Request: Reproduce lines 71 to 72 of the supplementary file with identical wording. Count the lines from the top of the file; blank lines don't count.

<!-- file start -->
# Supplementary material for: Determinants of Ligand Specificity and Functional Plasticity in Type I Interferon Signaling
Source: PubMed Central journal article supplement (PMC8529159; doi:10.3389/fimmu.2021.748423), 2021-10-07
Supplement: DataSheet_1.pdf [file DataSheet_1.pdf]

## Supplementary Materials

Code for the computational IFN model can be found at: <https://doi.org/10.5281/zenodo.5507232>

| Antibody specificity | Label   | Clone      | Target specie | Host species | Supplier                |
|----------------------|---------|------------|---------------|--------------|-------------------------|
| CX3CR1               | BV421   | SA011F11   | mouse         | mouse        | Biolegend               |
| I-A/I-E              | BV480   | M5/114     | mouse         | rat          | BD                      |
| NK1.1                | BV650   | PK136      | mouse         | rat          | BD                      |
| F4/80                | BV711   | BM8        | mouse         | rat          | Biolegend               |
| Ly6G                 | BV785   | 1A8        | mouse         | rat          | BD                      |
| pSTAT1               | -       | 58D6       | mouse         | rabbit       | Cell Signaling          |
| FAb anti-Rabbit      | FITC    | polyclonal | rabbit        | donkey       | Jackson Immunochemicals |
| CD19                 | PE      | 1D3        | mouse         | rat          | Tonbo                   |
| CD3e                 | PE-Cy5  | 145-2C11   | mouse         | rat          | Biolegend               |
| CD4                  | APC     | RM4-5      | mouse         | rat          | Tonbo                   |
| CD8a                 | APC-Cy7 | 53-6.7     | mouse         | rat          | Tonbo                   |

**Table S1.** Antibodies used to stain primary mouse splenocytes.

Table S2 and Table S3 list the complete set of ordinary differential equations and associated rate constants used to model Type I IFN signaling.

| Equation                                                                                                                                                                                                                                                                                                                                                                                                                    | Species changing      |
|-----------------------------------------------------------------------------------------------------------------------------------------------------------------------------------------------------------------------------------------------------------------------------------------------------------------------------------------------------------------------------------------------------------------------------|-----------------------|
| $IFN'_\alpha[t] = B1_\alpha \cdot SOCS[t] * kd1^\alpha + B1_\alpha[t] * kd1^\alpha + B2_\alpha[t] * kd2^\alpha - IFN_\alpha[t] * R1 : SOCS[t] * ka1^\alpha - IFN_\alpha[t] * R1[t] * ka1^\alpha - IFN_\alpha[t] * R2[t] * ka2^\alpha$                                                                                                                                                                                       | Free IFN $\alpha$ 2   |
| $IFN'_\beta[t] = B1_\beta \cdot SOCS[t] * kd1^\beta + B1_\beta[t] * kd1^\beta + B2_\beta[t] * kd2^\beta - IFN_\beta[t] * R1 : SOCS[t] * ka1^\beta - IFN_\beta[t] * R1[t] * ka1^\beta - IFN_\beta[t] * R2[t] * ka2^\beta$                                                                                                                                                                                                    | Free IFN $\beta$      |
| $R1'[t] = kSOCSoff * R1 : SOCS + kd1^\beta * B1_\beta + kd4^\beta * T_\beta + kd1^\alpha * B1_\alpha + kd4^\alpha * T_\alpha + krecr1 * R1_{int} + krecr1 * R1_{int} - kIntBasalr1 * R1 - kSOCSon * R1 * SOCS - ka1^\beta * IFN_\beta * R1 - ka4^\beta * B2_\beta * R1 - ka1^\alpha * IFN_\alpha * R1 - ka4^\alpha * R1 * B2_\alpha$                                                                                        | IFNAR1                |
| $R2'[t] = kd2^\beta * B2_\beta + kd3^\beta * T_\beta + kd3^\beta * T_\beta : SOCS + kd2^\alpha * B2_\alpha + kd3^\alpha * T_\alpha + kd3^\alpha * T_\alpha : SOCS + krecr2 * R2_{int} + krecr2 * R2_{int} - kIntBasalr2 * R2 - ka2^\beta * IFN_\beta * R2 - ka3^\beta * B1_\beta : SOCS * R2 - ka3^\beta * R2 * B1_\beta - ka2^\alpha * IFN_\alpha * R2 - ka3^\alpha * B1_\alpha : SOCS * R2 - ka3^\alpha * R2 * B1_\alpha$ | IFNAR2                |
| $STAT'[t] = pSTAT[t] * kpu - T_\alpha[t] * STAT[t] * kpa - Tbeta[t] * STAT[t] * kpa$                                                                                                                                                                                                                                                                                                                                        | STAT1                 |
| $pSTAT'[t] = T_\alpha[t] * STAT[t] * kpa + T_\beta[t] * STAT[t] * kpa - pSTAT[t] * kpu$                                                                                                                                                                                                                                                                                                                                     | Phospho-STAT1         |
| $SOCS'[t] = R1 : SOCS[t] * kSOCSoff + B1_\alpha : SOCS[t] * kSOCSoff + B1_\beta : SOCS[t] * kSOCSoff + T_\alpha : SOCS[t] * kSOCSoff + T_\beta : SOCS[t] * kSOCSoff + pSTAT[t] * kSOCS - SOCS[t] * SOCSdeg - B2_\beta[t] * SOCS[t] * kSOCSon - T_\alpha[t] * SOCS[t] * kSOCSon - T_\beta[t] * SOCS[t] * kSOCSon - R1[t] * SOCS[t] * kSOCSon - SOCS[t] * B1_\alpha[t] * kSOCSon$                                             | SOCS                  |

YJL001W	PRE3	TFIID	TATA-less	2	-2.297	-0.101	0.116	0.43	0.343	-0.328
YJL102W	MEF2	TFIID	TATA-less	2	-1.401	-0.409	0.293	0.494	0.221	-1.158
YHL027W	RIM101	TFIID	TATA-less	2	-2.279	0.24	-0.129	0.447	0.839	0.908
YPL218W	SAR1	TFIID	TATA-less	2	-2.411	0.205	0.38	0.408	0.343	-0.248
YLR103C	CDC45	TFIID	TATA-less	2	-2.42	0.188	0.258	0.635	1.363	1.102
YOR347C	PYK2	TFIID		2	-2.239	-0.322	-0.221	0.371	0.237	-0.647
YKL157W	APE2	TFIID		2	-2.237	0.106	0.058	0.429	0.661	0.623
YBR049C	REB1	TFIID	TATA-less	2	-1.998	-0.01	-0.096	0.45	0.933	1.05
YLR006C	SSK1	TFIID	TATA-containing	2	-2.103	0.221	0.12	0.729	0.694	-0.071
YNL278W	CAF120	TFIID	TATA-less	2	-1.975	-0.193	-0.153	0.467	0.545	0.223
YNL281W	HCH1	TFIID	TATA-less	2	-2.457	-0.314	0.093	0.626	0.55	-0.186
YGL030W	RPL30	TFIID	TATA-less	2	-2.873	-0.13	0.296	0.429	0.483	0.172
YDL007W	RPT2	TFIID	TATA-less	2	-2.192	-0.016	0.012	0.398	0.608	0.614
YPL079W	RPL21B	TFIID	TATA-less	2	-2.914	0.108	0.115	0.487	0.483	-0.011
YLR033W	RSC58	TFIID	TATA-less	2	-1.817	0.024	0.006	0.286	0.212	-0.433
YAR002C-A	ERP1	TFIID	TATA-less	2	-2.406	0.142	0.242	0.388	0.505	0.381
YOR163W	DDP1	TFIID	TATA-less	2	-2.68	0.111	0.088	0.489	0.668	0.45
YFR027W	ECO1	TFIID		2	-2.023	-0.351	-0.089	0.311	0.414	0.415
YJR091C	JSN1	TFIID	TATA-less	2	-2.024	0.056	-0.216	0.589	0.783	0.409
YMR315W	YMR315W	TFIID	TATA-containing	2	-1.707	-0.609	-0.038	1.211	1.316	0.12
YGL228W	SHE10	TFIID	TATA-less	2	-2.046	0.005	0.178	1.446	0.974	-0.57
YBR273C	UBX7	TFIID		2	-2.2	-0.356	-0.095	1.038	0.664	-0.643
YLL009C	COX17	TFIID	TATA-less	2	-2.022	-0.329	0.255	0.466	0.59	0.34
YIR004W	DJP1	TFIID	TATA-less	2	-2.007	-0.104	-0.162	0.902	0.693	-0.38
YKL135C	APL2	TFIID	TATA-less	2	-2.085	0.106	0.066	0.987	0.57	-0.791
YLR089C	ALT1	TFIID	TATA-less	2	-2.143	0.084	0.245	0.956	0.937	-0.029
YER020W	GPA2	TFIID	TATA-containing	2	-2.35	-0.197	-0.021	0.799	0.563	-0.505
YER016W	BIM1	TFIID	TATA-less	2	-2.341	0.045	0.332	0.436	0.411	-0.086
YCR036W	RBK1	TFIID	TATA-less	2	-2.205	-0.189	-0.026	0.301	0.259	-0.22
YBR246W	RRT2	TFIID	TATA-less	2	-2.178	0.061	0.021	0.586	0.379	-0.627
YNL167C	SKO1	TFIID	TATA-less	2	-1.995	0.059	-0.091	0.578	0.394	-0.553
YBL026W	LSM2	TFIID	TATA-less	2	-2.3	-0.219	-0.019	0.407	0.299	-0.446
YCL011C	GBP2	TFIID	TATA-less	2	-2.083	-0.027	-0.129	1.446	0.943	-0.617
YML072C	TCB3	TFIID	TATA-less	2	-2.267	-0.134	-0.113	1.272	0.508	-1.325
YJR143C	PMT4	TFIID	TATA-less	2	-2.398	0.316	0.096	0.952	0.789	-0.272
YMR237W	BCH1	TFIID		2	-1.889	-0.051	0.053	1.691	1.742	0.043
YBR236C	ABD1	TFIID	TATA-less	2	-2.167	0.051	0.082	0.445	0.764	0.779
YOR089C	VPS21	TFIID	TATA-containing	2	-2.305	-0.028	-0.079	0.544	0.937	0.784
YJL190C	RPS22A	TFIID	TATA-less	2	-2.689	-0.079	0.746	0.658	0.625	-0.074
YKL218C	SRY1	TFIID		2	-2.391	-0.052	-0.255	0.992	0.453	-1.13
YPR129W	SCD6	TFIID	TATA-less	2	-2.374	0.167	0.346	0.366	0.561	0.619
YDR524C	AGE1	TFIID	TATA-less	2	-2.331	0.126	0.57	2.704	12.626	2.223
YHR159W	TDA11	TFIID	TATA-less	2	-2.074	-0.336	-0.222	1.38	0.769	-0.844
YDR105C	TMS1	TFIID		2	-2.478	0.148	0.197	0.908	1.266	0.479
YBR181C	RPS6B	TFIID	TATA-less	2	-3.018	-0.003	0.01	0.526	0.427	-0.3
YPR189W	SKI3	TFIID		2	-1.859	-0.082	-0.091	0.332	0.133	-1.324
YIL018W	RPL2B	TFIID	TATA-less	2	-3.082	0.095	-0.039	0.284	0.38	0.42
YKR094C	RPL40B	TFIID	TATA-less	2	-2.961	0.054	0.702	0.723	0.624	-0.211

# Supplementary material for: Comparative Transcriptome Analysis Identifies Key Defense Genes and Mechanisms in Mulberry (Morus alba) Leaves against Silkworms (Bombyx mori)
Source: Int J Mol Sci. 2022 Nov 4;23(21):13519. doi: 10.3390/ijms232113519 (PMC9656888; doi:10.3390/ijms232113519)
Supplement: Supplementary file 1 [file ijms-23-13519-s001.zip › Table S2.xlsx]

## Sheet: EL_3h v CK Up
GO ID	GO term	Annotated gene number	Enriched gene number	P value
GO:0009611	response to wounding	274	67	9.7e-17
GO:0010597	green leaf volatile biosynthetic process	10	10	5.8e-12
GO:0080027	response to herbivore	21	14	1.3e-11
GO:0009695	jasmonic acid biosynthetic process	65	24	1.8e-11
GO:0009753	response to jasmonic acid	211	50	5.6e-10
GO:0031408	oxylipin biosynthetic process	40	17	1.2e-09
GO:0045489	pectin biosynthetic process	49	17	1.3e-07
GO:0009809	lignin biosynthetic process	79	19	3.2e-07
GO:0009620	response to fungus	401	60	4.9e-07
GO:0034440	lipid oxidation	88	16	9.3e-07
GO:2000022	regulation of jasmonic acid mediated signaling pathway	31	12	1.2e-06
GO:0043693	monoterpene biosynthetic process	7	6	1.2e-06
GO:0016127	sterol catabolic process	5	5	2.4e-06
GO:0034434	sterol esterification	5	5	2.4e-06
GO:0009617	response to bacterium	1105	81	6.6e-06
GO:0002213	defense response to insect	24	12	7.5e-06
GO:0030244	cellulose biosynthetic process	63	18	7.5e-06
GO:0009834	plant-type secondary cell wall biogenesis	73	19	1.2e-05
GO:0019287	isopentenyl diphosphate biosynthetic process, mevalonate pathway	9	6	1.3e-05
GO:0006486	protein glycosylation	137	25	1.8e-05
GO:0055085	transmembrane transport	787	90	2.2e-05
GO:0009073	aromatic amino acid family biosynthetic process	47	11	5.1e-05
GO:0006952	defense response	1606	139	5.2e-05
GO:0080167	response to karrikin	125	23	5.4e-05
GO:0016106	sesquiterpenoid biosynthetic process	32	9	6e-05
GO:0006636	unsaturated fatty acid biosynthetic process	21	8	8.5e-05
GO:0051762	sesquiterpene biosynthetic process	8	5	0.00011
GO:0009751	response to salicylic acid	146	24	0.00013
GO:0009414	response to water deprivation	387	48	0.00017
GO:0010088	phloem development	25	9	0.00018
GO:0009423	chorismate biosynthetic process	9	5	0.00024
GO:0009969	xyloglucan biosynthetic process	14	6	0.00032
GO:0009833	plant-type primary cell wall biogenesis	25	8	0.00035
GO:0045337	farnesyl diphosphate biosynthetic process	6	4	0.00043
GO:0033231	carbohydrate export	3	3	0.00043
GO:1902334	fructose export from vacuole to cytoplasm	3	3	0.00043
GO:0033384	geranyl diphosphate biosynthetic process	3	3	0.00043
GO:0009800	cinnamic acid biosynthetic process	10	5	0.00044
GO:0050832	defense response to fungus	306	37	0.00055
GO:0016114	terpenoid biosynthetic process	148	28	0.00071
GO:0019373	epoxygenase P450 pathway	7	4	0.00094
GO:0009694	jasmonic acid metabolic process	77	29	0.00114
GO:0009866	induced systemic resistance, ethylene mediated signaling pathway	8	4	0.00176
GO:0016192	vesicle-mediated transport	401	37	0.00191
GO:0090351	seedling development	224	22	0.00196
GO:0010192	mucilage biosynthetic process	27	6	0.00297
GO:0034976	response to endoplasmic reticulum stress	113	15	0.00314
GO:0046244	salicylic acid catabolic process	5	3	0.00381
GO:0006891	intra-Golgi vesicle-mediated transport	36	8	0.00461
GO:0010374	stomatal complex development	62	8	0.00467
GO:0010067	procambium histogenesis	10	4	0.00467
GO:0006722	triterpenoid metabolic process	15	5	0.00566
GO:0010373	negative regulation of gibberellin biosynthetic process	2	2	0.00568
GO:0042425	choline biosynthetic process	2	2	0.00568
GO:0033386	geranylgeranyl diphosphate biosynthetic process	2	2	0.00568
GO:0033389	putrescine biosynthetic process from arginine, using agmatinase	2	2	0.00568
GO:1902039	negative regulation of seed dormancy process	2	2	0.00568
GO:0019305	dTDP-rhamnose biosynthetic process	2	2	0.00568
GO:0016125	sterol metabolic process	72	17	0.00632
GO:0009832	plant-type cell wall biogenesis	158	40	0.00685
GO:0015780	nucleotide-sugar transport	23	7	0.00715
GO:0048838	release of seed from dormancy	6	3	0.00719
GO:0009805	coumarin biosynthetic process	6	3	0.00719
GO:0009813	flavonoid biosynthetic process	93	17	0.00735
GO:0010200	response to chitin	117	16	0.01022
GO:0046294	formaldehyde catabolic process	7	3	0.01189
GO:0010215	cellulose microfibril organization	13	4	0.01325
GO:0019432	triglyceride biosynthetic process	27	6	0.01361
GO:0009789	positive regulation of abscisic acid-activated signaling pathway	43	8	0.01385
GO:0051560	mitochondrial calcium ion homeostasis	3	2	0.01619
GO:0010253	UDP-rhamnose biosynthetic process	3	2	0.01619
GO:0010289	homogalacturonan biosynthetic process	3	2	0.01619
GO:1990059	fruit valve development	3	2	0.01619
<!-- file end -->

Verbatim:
YDR524C	AGE1	TFIID	TATA-less	2	-2.331	0.126	0.57	2.704	12.626	2.223
YHR159W	TDA11	TFIID	TATA-less	2	-2.074	-0.336	-0.222	1.38	0.769	-0.844